The full social and political implications of Luther’s message unfolded only gradually in the years after 1517. The violent upheavals of the years 1520–25 suggested to many—Catholic and Protestant alike—that the Luther problem could not be remedied simply through minor compromises on matters of ecclesiastical practice and administration. For Catholic rulers as well as for more traditional-minded and conciliatory Lutherans, the new faith posed a distinct threat to the social order. From both the Lutheran and Catholic perspectives, evangelical religion needed to be cleansed of its potential for social and political disruption, if not eradicated altogether.¹

    For...

  14. Chapter 6 A Plague of Preachers
    (pp. 97-112)

    The two decades following the death of Albrecht Alcibiades were a time of transition and confusion. The year 1555 is generally taken to mark the end of the Reformation and the start of the confessional era.¹ At the same time, when describing the religious situation in the 1560s, it is easier to say what it was not, rather than what it was. The “storm years” of the Reformation were clearly over, but the future trajectory of Lutheranism remained uncertain. On the Catholic side, even after the end of the Council of Trent, the general religious ethos remained largely pre-Tridentine for...

  15. Chapter 7 Orthodoxy and Order
    (pp. 113-129)

    Viewed from the perspective of officials in Bamberg and Kulmbach, two issues stood out in the parochial disputes of the 1560s and 1570s. Throughout the second half of the sixteenth century, increasingly greater emphasis was given to replacing the old priesthood with better-trained, orthodox pastors. It was on the shoulders of the new priesthood, men born and raised after the Lutheran Reformation, that the burden of enforcing the new confessional norms was laid. In the confrontations between the new clergy and their flocks, serious questions arose concerning the moral character of the laity. And although a number of peasant failings—...

  16. Chapter 8 The Christian Commune
    (pp. 130-148)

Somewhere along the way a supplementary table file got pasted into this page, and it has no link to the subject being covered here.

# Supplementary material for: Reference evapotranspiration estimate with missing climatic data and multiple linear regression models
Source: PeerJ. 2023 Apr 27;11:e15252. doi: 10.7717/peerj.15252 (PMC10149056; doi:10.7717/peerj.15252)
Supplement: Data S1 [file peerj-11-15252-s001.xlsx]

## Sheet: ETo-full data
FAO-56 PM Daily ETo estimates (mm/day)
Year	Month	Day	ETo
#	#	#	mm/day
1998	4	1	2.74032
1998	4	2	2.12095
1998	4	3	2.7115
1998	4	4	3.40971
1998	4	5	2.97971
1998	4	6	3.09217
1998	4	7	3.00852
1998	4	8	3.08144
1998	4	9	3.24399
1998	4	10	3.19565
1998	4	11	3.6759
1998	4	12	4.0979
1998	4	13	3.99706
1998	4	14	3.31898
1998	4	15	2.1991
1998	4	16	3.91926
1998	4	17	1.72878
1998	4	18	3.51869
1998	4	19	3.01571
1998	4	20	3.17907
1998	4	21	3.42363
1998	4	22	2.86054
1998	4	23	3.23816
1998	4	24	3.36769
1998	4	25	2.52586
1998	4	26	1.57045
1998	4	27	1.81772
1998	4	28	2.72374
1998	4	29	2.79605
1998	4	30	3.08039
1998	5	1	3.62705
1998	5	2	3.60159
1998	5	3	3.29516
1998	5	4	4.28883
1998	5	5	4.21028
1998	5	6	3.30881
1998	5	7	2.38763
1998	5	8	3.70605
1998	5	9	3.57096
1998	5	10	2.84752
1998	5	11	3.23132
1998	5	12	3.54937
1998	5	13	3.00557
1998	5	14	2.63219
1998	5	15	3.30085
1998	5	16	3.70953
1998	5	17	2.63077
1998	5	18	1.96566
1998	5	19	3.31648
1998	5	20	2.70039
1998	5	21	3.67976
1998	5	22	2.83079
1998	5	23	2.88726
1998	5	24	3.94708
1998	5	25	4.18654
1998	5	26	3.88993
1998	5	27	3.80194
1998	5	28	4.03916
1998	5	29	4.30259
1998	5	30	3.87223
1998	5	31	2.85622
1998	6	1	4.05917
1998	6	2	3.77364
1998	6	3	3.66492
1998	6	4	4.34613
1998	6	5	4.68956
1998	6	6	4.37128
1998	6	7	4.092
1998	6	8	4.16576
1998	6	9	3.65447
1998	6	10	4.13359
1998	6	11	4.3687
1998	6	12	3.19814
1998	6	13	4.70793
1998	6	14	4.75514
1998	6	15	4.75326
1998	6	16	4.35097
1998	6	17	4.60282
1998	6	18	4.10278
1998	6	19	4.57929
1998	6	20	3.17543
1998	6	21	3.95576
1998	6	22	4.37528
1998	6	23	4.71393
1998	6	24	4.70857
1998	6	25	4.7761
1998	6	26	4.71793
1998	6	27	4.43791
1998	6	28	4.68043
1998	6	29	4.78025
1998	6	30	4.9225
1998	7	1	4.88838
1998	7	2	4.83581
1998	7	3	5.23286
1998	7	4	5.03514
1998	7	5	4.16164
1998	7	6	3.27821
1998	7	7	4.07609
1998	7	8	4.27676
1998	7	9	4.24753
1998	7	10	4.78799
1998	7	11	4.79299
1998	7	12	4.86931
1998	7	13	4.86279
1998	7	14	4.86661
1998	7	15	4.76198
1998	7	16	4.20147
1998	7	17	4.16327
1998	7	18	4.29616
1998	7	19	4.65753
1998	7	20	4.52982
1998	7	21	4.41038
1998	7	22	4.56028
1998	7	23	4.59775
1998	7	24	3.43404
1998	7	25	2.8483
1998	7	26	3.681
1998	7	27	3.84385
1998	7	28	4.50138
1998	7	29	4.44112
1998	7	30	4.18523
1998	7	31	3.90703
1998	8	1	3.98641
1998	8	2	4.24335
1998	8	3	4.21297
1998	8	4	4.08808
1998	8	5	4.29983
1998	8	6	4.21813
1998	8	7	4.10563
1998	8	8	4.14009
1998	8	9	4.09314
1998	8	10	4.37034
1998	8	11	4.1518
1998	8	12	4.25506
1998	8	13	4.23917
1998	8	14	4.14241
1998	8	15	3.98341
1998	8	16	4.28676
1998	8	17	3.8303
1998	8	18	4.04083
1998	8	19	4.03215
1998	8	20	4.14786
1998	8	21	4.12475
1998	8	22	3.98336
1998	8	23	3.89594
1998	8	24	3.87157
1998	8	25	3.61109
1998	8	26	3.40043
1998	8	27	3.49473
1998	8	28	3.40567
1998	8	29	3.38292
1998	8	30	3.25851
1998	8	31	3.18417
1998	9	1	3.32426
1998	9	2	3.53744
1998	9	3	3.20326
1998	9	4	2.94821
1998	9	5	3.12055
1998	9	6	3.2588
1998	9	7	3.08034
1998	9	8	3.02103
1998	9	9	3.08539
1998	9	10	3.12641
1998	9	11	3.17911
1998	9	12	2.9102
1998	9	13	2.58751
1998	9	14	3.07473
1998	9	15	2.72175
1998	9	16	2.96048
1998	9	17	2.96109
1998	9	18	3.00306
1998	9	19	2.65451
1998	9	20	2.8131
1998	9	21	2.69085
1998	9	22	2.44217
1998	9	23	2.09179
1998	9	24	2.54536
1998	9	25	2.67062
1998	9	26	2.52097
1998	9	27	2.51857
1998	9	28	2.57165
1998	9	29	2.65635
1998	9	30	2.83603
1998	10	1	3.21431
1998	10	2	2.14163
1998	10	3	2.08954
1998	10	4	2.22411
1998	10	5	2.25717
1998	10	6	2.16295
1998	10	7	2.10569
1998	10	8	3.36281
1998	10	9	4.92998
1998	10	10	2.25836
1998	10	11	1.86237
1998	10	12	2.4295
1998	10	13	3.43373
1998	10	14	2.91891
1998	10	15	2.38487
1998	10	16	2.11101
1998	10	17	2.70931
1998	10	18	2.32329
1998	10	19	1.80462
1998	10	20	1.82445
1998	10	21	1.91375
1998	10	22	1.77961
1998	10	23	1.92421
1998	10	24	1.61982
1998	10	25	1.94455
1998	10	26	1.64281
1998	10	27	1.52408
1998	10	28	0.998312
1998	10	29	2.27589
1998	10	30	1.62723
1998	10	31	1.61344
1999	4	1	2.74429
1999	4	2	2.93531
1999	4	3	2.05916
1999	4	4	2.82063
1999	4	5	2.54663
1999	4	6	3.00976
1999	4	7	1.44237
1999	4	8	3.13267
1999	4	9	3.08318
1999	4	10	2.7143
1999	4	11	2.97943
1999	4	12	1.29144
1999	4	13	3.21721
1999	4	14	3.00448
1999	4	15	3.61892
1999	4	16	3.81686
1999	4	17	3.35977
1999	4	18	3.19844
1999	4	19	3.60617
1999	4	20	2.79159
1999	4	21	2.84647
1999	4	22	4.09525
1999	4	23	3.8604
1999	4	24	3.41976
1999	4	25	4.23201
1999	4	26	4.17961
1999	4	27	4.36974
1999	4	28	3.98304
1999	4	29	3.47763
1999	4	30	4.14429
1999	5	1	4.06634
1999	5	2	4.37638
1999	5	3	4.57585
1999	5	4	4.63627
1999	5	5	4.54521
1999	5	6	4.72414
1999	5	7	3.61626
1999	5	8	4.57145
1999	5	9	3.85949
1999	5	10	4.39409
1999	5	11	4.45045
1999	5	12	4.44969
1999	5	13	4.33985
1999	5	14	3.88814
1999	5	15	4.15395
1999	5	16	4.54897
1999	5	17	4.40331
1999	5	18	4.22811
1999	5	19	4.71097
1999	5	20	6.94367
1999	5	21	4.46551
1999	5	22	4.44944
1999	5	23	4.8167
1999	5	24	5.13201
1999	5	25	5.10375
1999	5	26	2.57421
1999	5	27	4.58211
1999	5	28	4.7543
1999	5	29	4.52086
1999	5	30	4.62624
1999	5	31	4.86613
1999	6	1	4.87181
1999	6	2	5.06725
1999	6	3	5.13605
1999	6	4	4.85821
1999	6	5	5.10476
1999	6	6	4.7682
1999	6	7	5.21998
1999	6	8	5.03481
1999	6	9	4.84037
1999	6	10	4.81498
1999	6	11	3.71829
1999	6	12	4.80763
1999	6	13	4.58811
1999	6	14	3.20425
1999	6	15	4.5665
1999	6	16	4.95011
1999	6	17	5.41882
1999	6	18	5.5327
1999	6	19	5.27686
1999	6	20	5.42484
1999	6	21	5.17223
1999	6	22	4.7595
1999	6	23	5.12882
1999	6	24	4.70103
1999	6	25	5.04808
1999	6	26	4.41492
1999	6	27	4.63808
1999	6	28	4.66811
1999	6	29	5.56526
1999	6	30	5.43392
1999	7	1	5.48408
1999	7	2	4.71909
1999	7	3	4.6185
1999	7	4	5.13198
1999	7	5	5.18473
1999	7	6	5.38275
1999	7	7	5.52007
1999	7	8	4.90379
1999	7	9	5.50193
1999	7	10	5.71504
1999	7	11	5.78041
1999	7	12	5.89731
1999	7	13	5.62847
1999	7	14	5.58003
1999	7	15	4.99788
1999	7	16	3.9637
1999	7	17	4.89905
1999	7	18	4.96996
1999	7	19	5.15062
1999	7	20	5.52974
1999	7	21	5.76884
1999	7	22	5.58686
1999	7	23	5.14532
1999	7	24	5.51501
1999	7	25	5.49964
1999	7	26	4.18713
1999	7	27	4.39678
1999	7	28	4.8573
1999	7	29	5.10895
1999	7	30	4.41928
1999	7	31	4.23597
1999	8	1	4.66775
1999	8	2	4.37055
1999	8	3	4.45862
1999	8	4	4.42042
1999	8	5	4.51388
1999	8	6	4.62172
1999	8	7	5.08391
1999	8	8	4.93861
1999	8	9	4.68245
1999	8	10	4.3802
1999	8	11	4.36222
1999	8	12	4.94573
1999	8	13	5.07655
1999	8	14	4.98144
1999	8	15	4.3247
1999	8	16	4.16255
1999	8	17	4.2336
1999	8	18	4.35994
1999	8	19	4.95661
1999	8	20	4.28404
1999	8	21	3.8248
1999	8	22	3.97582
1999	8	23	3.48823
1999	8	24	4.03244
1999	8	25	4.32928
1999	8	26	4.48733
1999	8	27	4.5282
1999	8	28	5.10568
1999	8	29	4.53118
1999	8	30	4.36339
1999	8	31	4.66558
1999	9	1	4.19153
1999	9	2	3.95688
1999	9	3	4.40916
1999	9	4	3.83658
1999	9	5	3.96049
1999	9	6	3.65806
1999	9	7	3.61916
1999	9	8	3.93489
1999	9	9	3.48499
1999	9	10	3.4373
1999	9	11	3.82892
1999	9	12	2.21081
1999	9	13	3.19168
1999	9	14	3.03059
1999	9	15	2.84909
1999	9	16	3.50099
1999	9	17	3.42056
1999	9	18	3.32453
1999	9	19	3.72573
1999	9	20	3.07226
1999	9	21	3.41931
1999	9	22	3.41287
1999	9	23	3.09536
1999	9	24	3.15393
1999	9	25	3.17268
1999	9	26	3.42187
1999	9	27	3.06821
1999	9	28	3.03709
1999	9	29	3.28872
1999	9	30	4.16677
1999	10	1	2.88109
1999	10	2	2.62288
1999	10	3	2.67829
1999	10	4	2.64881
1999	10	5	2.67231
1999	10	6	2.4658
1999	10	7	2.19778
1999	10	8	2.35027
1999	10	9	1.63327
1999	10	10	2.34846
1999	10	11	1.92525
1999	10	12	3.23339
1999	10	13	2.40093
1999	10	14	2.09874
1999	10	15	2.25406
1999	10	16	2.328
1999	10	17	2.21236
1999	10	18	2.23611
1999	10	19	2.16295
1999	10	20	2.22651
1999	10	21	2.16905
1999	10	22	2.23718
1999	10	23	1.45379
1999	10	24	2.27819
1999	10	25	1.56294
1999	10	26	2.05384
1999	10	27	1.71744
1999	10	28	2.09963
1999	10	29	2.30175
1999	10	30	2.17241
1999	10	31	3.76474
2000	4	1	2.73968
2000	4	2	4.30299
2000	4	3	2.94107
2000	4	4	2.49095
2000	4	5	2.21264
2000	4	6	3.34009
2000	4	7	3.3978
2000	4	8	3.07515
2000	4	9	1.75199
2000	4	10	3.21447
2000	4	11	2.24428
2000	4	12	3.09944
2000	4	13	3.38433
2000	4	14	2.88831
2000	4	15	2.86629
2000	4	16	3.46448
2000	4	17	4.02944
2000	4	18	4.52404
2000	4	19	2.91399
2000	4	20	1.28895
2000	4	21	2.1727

The religious history of upper Franconia during the first decades of the confessional era presents a complex and often contradictory set of images. Events in both the Hochstift Bamberg and the Hohenzollern Oberland make it difficult to perceive a clear alliance between ecclesiastical and state interests either at court or in the villages. The reform of marriage and the formation of the clerical estate both reveal deep fissures within the ecclesiastical regime and between secular and spiritual officials. The experience of pastors at the local level argues against an alliance of “pulpit and administration (Kanzel und Amtshaus) that engendered social...

  17. Chapter 9 Cuius Regio?
    (pp. 149-164)

    About the same time that Friedrich Förner penned his visitation report, Paul Reinel, a Lutheran deacon in the town of Selb, sat down to record his thoughts on the course of religious reform. His reflections took the form of the Annotationes, a manuscript history of Selb from earliest times down to the present.¹ A basic theme of Reinel’s history was that his village had always been Christian. In ancient times, “all of Germany was corrupted with heathen superstition and idol worship.” Consequently, one might think that Reinel’s ancestors were pagans and polytheists as well. Reinel argues that this was not...

  18. Chapter 10 The Stool of Wickedness
    (pp. 165-185)

    When the Swedes entered Bamberg in February, 1632, they encountered a scene of horror. For two decades the Hochstift had been the scene of one of the most ferocious witch-hunts in history, one that claimed perhaps as many as a thousand lives.¹ Our treatment of the witch-hunts in Bamberg must here be brief, but at the outset several points of clarification are in order. The phenomenon of witchcraft per se is not our concern here. Few of those accused seem to have had any genuine interest in the magical arts. The records in Bamberg reveal very little about any sort...

  19. Conclusion
    (pp. 186-194)

    As we take stock of the three centuries that preceded the Swedish invasion, two themes predominate. In the first case, the dominant principle of government in upper Franconia was that governance was local (örtlich). In the administration of their domains, the princes followed the pattern of the Hohenstaufen emperors, delegating authority to the level below them; meanwhile, local elites sought to transform delegated powers into expressions of their own status and lordship. If anything, this tendency intensified over time. In the fourteenth century, execution of the Landfriede was delegated to the princes; in the fifteenth and sixteenth centuries, resolution of...

  20. Notes
    (pp. 195-250)
  21. Bibliography
    (pp. 251-274)
  22. Index
    (pp. 275-280)
  23. Back Matter
    (pp. 281-281)